The Thorne lab has been diligently searching the New York Bight for humpback whales since mid-May. After a few days of wishfully scanning the horizon, we finally had three epic survey days filled with humpback whales! We found our first whales very close to shore (within ~2 miles of the coast) and they were lunge feeding on schools of fish that were aggregating at the surface. Based on the results of our previous field seasons, we were expecting these animals to be young whales based on their size, and they were among the smallest whales we’ve seen yet. Our next two days were filled with large whales far from shore (~30-40 miles from the coast). On our second day, we saw a huge feeding frenzy: humpbacks and common dolphins were in the middle of the group, and shearwaters, storm petrels, and giant fin whales were circling the outside of the group. The humpback whales were lunging out of the water with their mouths open through huge schools of prey while the fin whales were lunging on their sides just at the surface of the water. When we think about how large these animals are (maximum size is ~17-20m) and how much small prey (less than 0.5m in length) they need to eat, and then consider the fact that there were 7 massive whales eating from the same group of prey, it really puts into perspective how much prey was available at this location that day.

A three-species photo! Common dolphins in the foreground, a lunge feeding fin whale in the middle, and a humpback whale surfacing in the background! Note: This photo was taken on a crop sensor with a 150-600mm camera.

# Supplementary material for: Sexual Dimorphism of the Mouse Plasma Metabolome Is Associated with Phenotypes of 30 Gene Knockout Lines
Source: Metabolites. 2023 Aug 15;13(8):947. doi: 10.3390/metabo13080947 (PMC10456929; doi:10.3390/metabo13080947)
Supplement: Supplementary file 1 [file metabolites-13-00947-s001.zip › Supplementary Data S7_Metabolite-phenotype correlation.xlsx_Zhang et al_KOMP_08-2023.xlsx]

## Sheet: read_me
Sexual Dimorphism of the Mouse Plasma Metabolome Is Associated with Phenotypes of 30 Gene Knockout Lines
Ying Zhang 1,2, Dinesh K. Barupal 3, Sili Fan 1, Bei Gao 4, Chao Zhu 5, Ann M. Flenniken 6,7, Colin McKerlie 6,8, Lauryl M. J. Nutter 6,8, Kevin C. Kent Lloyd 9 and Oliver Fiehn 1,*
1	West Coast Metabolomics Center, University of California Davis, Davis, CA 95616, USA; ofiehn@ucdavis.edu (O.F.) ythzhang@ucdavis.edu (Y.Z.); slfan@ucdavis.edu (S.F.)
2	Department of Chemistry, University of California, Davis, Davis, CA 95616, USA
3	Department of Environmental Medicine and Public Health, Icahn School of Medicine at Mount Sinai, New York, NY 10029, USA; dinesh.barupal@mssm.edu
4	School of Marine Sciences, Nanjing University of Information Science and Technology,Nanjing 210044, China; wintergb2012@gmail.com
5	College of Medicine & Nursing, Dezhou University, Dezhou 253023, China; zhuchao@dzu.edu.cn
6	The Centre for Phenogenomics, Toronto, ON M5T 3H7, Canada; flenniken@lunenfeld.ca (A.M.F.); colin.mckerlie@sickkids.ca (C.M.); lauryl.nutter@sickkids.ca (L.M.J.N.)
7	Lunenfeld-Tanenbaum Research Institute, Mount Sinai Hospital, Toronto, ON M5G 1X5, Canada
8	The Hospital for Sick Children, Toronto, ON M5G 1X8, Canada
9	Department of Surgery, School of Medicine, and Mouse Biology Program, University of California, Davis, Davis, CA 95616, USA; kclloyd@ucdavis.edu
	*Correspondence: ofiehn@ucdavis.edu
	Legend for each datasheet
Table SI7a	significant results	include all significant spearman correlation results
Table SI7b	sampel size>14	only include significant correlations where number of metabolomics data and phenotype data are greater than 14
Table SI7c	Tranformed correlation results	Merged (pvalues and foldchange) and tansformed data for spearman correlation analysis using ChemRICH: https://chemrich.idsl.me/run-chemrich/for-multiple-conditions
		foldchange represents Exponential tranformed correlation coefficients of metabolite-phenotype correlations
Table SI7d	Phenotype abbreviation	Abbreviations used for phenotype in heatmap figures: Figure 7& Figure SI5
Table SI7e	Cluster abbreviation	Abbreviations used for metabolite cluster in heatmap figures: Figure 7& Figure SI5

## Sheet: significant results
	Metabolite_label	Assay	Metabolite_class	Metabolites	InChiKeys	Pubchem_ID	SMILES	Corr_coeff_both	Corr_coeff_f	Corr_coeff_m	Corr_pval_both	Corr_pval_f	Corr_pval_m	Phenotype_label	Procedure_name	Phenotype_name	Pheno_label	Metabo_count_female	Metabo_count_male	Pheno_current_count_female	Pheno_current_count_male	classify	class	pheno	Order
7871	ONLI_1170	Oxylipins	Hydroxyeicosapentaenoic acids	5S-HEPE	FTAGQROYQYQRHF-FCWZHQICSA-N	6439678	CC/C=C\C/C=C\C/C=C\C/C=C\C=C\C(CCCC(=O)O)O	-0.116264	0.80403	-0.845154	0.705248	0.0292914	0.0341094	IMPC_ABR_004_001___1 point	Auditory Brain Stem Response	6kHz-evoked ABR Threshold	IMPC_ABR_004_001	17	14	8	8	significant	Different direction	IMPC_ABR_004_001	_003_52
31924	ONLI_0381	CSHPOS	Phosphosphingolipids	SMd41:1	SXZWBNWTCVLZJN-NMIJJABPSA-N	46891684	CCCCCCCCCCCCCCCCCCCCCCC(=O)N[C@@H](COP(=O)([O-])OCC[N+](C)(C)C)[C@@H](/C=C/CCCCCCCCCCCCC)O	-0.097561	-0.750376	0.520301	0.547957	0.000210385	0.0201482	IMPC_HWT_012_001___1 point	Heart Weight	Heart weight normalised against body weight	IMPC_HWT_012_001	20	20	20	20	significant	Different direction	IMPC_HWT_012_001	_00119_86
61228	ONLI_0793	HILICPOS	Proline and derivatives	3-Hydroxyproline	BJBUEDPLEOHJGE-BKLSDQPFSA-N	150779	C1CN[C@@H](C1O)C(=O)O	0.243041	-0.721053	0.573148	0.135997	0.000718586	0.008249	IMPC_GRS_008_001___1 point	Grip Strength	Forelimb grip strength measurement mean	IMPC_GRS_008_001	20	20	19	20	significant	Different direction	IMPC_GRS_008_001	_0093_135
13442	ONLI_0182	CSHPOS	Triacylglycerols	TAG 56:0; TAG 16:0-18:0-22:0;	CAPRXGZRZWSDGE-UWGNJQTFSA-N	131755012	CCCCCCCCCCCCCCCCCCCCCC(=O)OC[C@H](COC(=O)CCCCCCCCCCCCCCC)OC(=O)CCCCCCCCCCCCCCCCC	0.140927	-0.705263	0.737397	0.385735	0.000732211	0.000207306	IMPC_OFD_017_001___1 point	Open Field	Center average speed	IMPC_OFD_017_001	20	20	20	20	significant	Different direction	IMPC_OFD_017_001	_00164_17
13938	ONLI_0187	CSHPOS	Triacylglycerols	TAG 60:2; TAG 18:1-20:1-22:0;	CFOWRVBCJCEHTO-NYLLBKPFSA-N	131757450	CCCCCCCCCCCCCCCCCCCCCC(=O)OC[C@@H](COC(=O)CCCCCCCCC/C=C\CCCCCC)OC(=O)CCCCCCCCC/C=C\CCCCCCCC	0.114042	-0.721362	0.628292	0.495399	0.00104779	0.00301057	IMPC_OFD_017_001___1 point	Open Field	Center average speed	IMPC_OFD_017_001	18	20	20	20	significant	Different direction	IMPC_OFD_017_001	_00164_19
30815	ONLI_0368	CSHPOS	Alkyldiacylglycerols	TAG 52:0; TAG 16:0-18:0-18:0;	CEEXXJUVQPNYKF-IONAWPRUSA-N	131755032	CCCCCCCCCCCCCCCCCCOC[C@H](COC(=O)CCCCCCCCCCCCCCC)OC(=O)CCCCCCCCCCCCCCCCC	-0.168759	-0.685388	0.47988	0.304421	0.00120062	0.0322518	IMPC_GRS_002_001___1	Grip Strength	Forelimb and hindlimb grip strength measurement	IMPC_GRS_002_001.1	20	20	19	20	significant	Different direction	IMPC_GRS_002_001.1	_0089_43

Humpback whales feeding at the surface

This is our third field season, and we have developed a streamlined process for recording data. This is particularly useful because we are adhering to strict social distancing restrictions set in place by our COVID-19 field work protocol and because of these restrictions, there can only be two scientists on board! Julia and Ellie have honed their skills amidst this multi-tasking mayhem. When we sight whales, Ellie notes the sighting on the laptop and we begin taking photos while also directing the captain where to navigate and how to safely execute the required movements around groups of large whales. Once we are close enough, Julia sets up the drone and launches it. While she is flying, Ellie is taking photos, taking notes, and we both coordinate closely with the captain. Snacks are key when we’ve finished a sighting (goldfish for Julia, pretzel rods for Ellie) and lots of hydration! When we return to the dock, we wipe down all equipment, and download and back up our data. This is a reminder to those reading: go back up your computer if you haven’t done it recently!!

Julia and Ellie searching for whales and social distancing

We’ll be back with more updates as our season progresses…

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